Australian Jews and Sport
Australian Jews and Sport
Australians have featured in Australian sporting history over the years, as swimmers, boxers, runners or footballers. There are Jewish Sports associations such as , Maccabean Sports and many participate in the international Maccabean games. Sadly, these games came to public attention in the Maccabean bridge trajedy of 1997, when a bridge collapsed while athletes were marching over it and fell into the Yarkon River in Israel. Several Australians lost their lives or suffered horrific injuries. However, tragedies aside, Australian Jews have an interesting sports' record.
Myer Rosenblum achieved fame as a sportsman and was a hammer thrower at the 1938 Empire Games. He was an Arts-Law graduate of Sydney University, and a triple Blue in Rugby, Tennis and Athletics. He was fluent in five languages, an accomplished pianist and had a good tongue for reciting poetry. He continued to play tennis into old age. In 1928 Myer was completing a course at the Conservatorium of Music. On one occasion he was selected to play the contra basson as a solo in an orchestra performance of the Sorcerers' Apprentice, at the Conservatorium at the same time he was to be leading his rugby team to the oval at St George. The problem was resolved by the Orchestra conductor restructuring the selection, by starting with Myer's solo, allowing him to dash from the stage to Hurstville to lead his side onto the field. He also was skilled with the hammer and shot putt, continuing to represent the University in Athletics throughout the thirties. In 1932 Myer won the Australian title in the hammer at Adelaide. In 1938 he competed in the Empire Games in Sydney, retiring from active competition in hammer throwing in favaur of a short 'stint' of coaching. This lasted for forty years in which time he coached many state champions.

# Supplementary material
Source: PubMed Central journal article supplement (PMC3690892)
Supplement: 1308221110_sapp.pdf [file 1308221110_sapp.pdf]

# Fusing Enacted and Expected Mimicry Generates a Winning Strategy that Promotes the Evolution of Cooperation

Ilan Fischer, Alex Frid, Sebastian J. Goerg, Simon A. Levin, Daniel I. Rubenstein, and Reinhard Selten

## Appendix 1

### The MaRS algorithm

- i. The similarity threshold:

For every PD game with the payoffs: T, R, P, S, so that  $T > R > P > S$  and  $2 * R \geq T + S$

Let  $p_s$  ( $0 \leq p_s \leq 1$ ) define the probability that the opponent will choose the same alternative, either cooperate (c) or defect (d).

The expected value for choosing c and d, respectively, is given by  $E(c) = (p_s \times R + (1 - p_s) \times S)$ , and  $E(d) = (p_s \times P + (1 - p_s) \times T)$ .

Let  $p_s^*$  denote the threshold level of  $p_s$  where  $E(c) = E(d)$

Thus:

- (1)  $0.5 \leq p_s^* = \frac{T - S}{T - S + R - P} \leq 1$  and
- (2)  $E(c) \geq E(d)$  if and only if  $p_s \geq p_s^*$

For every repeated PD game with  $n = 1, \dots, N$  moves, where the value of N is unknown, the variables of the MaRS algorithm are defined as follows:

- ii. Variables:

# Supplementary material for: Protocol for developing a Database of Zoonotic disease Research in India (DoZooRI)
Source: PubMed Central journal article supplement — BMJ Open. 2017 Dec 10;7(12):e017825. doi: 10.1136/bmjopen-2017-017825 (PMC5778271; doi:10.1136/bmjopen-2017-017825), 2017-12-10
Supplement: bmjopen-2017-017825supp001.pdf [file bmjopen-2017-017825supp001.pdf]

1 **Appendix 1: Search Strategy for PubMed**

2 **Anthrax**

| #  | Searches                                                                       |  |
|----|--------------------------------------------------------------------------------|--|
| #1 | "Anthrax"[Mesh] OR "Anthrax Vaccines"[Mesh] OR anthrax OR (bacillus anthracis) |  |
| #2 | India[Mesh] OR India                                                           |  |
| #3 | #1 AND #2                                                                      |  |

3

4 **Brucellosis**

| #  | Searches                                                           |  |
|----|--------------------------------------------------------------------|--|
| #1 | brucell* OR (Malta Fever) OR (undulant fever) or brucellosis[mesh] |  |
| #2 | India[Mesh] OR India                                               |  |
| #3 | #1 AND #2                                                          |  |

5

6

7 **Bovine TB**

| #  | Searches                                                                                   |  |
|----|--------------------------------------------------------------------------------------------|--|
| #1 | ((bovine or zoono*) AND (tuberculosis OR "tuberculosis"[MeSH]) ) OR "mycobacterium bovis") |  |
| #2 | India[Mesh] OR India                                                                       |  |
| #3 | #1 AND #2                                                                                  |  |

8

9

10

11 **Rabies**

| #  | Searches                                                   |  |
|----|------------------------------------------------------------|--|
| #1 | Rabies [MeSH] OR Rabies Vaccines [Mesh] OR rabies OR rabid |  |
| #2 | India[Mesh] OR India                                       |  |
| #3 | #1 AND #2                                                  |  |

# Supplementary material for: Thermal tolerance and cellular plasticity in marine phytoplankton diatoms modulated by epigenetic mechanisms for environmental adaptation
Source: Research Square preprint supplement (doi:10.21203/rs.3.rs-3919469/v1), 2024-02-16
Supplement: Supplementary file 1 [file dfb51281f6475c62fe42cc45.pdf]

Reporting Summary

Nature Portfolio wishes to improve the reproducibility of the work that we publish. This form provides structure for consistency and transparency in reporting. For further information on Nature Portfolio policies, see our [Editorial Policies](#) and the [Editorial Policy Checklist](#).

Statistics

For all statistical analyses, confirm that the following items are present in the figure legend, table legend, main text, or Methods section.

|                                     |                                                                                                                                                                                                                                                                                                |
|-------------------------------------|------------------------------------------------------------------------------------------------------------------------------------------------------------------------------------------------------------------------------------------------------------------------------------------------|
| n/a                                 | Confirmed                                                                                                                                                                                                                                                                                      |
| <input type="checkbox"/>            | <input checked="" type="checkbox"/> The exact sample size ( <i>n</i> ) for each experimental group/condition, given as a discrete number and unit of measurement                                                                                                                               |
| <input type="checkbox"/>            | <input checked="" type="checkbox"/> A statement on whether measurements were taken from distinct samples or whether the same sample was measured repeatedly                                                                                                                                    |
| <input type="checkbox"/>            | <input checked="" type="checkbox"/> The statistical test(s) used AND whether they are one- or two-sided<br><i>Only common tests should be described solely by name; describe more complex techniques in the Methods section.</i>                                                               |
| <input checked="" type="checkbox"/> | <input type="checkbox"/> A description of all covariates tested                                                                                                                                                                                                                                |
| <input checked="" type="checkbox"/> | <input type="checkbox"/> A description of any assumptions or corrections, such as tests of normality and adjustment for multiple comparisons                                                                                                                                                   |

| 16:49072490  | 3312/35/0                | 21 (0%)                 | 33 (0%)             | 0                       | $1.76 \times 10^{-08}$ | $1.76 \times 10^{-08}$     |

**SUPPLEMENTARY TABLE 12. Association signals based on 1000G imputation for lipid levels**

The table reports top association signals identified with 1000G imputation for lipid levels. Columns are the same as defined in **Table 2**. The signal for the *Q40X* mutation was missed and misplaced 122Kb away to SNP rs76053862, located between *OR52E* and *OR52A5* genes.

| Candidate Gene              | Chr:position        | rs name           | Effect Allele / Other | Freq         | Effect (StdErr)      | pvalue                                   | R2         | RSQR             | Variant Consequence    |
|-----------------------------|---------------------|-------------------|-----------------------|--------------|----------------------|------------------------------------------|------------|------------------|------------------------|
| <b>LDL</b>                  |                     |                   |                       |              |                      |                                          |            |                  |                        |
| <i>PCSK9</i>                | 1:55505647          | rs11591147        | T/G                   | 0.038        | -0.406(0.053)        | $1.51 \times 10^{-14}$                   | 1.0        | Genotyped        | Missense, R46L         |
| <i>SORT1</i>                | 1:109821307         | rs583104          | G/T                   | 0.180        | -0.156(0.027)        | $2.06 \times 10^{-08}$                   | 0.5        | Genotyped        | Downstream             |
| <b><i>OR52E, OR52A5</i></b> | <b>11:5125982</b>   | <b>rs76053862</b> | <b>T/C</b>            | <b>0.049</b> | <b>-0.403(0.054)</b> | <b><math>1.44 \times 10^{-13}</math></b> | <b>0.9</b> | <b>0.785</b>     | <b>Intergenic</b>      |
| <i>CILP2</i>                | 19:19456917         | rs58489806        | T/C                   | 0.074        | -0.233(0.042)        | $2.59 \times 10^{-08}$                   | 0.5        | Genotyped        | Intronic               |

Myer was born in South Africa in 1907 to Russian parents. They immigrated to Australia in 1914, living in Marrickville and became involved in building the Western Suburbs Synagogue at Newtown. His sister Sarah and himself won scholarships to Fort Street Girls' and Fort Street Boys' Schools and later to the University of Sydney. His son Rupert Rosenblum, also a solicitor and in practice with his father, was an Australian university star and a Wallaby international- the first father and son to represent Australia in rugby. In December 1985 the Sydney University Sports Union established the Rosenblum Family Award, presented annually to a member of the Union who has contributed towards sport at the university. At the time it was established, Myer had been associated with Sydney University sport for 60 years.
In 1959, the former Prime Minister John Howard worked in Myer Rosenblum's office in Elizabeth Street as an articled clerk for six pounds a week.